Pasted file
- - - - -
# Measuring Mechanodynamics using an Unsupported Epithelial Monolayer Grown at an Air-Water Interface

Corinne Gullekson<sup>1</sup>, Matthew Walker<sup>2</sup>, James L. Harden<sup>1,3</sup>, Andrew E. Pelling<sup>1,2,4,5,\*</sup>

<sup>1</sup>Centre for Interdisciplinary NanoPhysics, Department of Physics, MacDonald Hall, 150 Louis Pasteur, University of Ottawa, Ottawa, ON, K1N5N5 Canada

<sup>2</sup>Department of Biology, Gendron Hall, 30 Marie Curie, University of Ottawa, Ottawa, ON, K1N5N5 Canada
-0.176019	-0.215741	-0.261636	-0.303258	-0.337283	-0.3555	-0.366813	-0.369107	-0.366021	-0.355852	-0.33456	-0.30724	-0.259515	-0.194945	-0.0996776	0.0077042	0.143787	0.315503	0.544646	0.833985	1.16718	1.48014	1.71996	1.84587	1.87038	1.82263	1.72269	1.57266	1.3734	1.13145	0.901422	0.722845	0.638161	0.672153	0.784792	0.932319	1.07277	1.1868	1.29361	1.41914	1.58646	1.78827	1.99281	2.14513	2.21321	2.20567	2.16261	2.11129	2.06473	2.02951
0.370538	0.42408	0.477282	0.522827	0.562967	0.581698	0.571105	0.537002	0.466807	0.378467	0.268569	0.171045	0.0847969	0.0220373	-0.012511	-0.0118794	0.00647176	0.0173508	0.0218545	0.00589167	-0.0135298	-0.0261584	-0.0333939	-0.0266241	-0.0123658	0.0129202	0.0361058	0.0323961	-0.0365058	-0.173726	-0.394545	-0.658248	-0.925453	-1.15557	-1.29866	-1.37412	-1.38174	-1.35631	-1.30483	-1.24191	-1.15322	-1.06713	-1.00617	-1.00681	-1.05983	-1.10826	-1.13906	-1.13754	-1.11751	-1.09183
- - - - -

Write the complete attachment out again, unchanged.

# Measuring Mechanodynamics using an Unsupported Epithelial Monolayer Grown at an Air-Water Interface

Corinne Gullekson<sup>1</sup>, Matthew Walker<sup>2</sup>, James L. Harden<sup>1,3</sup>, Andrew E. Pelling<sup>1,2,4,5,\*</sup>

<sup>1</sup>Centre for Interdisciplinary NanoPhysics, Department of Physics, MacDonald Hall, 150 Louis Pasteur, University of Ottawa, Ottawa, ON, K1N5N5 Canada

<sup>2</sup>Department of Biology, Gendron Hall, 30 Marie Curie, University of Ottawa, Ottawa, ON, K1N5N5 Canada
-0.176019	-0.215741	-0.261636	-0.303258	-0.337283	-0.3555	-0.366813	-0.369107	-0.366021	-0.355852	-0.33456	-0.30724	-0.259515	-0.194945	-0.0996776	0.0077042	0.143787	0.315503	0.544646	0.833985	1.16718	1.48014	1.71996	1.84587	1.87038	1.82263	1.72269	1.57266	1.3734	1.13145	0.901422	0.722845	0.638161	0.672153	0.784792	0.932319	1.07277	1.1868	1.29361	1.41914	1.58646	1.78827	1.99281	2.14513	2.21321	2.20567	2.16261	2.11129	2.06473	2.02951
0.370538	0.42408	0.477282	0.522827	0.562967	0.581698	0.571105	0.537002	0.466807	0.378467	0.268569	0.171045	0.0847969	0.0220373	-0.012511	-0.0118794	0.00647176	0.0173508	0.0218545	0.00589167	-0.0135298	-0.0261584	-0.0333939	-0.0266241	-0.0123658	0.0129202	0.0361058	0.0323961	-0.0365058	-0.173726	-0.394545	-0.658248	-0.925453	-1.15557	-1.29866	-1.37412	-1.38174	-1.35631	-1.30483	-1.24191	-1.15322	-1.06713	-1.00617	-1.00681	-1.05983	-1.10826	-1.13906	-1.13754	-1.11751	-1.09183